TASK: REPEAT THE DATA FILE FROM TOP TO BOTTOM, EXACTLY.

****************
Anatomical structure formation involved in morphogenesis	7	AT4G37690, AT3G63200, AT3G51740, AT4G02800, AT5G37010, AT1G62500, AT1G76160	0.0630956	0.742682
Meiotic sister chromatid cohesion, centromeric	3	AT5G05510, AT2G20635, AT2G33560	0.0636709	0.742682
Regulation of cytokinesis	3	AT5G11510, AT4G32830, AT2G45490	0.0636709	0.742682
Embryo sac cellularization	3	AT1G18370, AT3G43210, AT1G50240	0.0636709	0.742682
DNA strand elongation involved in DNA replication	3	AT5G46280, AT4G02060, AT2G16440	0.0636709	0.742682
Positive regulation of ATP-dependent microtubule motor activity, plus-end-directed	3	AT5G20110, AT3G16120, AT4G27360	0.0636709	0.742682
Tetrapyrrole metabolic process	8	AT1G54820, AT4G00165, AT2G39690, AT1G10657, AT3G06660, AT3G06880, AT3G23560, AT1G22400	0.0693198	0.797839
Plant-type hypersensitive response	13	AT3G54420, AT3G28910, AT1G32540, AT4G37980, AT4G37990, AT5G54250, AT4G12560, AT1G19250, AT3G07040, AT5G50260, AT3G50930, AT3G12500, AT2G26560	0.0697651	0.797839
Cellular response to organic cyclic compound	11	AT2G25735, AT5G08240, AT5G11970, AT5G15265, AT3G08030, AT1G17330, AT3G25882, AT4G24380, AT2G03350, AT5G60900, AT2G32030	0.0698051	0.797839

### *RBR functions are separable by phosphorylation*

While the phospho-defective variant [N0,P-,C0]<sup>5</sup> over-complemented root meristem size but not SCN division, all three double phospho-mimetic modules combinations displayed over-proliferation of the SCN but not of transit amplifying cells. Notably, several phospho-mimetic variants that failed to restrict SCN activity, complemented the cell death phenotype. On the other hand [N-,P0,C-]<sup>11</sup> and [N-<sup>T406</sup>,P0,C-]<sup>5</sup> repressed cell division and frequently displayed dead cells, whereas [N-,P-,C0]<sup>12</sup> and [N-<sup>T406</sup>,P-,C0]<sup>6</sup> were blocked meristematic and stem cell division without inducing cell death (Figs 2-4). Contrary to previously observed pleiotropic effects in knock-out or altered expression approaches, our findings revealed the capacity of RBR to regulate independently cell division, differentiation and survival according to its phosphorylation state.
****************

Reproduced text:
Anatomical structure formation involved in morphogenesis	7	AT4G37690, AT3G63200, AT3G51740, AT4G02800, AT5G37010, AT1G62500, AT1G76160	0.0630956	0.742682
Meiotic sister chromatid cohesion, centromeric	3	AT5G05510, AT2G20635, AT2G33560	0.0636709	0.742682
Regulation of cytokinesis	3	AT5G11510, AT4G32830, AT2G45490	0.0636709	0.742682
Embryo sac cellularization	3	AT1G18370, AT3G43210, AT1G50240	0.0636709	0.742682
DNA strand elongation involved in DNA replication	3	AT5G46280, AT4G02060, AT2G16440	0.0636709	0.742682
Positive regulation of ATP-dependent microtubule motor activity, plus-end-directed	3	AT5G20110, AT3G16120, AT4G27360	0.0636709	0.742682
Tetrapyrrole metabolic process	8	AT1G54820, AT4G00165, AT2G39690, AT1G10657, AT3G06660, AT3G06880, AT3G23560, AT1G22400	0.0693198	0.797839
Plant-type hypersensitive response	13	AT3G54420, AT3G28910, AT1G32540, AT4G37980, AT4G37990, AT5G54250, AT4G12560, AT1G19250, AT3G07040, AT5G50260, AT3G50930, AT3G12500, AT2G26560	0.0697651	0.797839
Cellular response to organic cyclic compound	11	AT2G25735, AT5G08240, AT5G11970, AT5G15265, AT3G08030, AT1G17330, AT3G25882, AT4G24380, AT2G03350, AT5G60900, AT2G32030	0.0698051	0.797839

### *RBR functions are separable by phosphorylation*

While the phospho-defective variant [N0,P-,C0]<sup>5</sup> over-complemented root meristem size but not SCN division, all three double phospho-mimetic modules combinations displayed over-proliferation of the SCN but not of transit amplifying cells. Notably, several phospho-mimetic variants that failed to restrict SCN activity, complemented the cell death phenotype. On the other hand [N-,P0,C-]<sup>11</sup> and [N-<sup>T406</sup>,P0,C-]<sup>5</sup> repressed cell division and frequently displayed dead cells, whereas [N-,P-,C0]<sup>12</sup> and [N-<sup>T406</sup>,P-,C0]<sup>6</sup> were blocked meristematic and stem cell division without inducing cell death (Figs 2-4). Contrary to previously observed pleiotropic effects in knock-out or altered expression approaches, our findings revealed the capacity of RBR to regulate independently cell division, differentiation and survival according to its phosphorylation state.